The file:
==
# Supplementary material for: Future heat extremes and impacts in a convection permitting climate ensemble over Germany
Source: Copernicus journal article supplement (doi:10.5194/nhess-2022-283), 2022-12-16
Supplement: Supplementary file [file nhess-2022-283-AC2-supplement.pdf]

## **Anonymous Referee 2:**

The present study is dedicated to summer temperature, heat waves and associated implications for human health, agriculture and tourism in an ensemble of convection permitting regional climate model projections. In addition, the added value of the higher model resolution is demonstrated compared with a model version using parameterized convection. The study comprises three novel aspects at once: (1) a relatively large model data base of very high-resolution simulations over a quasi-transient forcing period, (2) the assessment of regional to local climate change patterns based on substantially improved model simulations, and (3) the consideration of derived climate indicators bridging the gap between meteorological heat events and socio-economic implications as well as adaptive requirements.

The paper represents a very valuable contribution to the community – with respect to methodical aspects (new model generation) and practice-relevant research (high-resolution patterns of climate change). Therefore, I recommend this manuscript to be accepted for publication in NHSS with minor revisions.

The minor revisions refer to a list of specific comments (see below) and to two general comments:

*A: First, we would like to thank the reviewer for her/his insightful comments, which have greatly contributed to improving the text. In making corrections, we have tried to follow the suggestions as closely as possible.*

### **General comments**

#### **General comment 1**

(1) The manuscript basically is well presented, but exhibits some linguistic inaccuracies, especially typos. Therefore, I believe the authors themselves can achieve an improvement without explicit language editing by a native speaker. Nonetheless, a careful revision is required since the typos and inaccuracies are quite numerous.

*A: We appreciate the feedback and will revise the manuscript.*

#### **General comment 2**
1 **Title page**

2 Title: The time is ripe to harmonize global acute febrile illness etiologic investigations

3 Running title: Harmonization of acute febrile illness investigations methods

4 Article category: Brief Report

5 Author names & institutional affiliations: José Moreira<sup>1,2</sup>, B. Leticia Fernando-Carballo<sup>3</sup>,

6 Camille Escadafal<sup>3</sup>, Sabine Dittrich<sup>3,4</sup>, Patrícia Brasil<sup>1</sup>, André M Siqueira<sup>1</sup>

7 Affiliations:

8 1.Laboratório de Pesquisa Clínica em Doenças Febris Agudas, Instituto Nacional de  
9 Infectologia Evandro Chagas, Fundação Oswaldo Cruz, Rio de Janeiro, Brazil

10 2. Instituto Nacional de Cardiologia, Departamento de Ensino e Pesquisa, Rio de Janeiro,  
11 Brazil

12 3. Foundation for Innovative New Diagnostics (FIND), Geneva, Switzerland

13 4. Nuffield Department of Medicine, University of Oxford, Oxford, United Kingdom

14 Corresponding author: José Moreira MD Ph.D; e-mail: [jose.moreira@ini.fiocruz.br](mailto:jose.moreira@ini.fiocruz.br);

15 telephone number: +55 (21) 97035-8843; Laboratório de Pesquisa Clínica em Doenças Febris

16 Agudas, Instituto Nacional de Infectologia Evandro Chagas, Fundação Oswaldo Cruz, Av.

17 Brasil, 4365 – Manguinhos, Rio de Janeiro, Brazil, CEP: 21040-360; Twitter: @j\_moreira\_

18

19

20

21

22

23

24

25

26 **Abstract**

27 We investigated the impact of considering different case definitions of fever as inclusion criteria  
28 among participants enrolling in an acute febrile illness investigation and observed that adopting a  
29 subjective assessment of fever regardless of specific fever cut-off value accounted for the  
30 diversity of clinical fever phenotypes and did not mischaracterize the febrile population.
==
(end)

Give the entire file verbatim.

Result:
# Supplementary material for: Future heat extremes and impacts in a convection permitting climate ensemble over Germany
Source: Copernicus journal article supplement (doi:10.5194/nhess-2022-283), 2022-12-16
Supplement: Supplementary file [file nhess-2022-283-AC2-supplement.pdf]

## **Anonymous Referee 2:**

The present study is dedicated to summer temperature, heat waves and associated implications for human health, agriculture and tourism in an ensemble of convection permitting regional climate model projections. In addition, the added value of the higher model resolution is demonstrated compared with a model version using parameterized convection. The study comprises three novel aspects at once: (1) a relatively large model data base of very high-resolution simulations over a quasi-transient forcing period, (2) the assessment of regional to local climate change patterns based on substantially improved model simulations, and (3) the consideration of derived climate indicators bridging the gap between meteorological heat events and socio-economic implications as well as adaptive requirements.

The paper represents a very valuable contribution to the community – with respect to methodical aspects (new model generation) and practice-relevant research (high-resolution patterns of climate change). Therefore, I recommend this manuscript to be accepted for publication in NHSS with minor revisions.

The minor revisions refer to a list of specific comments (see below) and to two general comments:

*A: First, we would like to thank the reviewer for her/his insightful comments, which have greatly contributed to improving the text. In making corrections, we have tried to follow the suggestions as closely as possible.*

### **General comments**

#### **General comment 1**

(1) The manuscript basically is well presented, but exhibits some linguistic inaccuracies, especially typos. Therefore, I believe the authors themselves can achieve an improvement without explicit language editing by a native speaker. Nonetheless, a careful revision is required since the typos and inaccuracies are quite numerous.

*A: We appreciate the feedback and will revise the manuscript.*

#### **General comment 2**
1 **Title page**

2 Title: The time is ripe to harmonize global acute febrile illness etiologic investigations

3 Running title: Harmonization of acute febrile illness investigations methods

4 Article category: Brief Report

5 Author names & institutional affiliations: José Moreira<sup>1,2</sup>, B. Leticia Fernando-Carballo<sup>3</sup>,

6 Camille Escadafal<sup>3</sup>, Sabine Dittrich<sup>3,4</sup>, Patrícia Brasil<sup>1</sup>, André M Siqueira<sup>1</sup>

7 Affiliations:

8 1.Laboratório de Pesquisa Clínica em Doenças Febris Agudas, Instituto Nacional de  
9 Infectologia Evandro Chagas, Fundação Oswaldo Cruz, Rio de Janeiro, Brazil

10 2. Instituto Nacional de Cardiologia, Departamento de Ensino e Pesquisa, Rio de Janeiro,  
11 Brazil

12 3. Foundation for Innovative New Diagnostics (FIND), Geneva, Switzerland

13 4. Nuffield Department of Medicine, University of Oxford, Oxford, United Kingdom

14 Corresponding author: José Moreira MD Ph.D; e-mail: [jose.moreira@ini.fiocruz.br](mailto:jose.moreira@ini.fiocruz.br);

15 telephone number: +55 (21) 97035-8843; Laboratório de Pesquisa Clínica em Doenças Febris

16 Agudas, Instituto Nacional de Infectologia Evandro Chagas, Fundação Oswaldo Cruz, Av.

17 Brasil, 4365 – Manguinhos, Rio de Janeiro, Brazil, CEP: 21040-360; Twitter: @j\_moreira\_

18

19

20

21

22

23

24

25

26 **Abstract**

27 We investigated the impact of considering different case definitions of fever as inclusion criteria  
28 among participants enrolling in an acute febrile illness investigation and observed that adopting a  
29 subjective assessment of fever regardless of specific fever cut-off value accounted for the  
30 diversity of clinical fever phenotypes and did not mischaracterize the febrile population.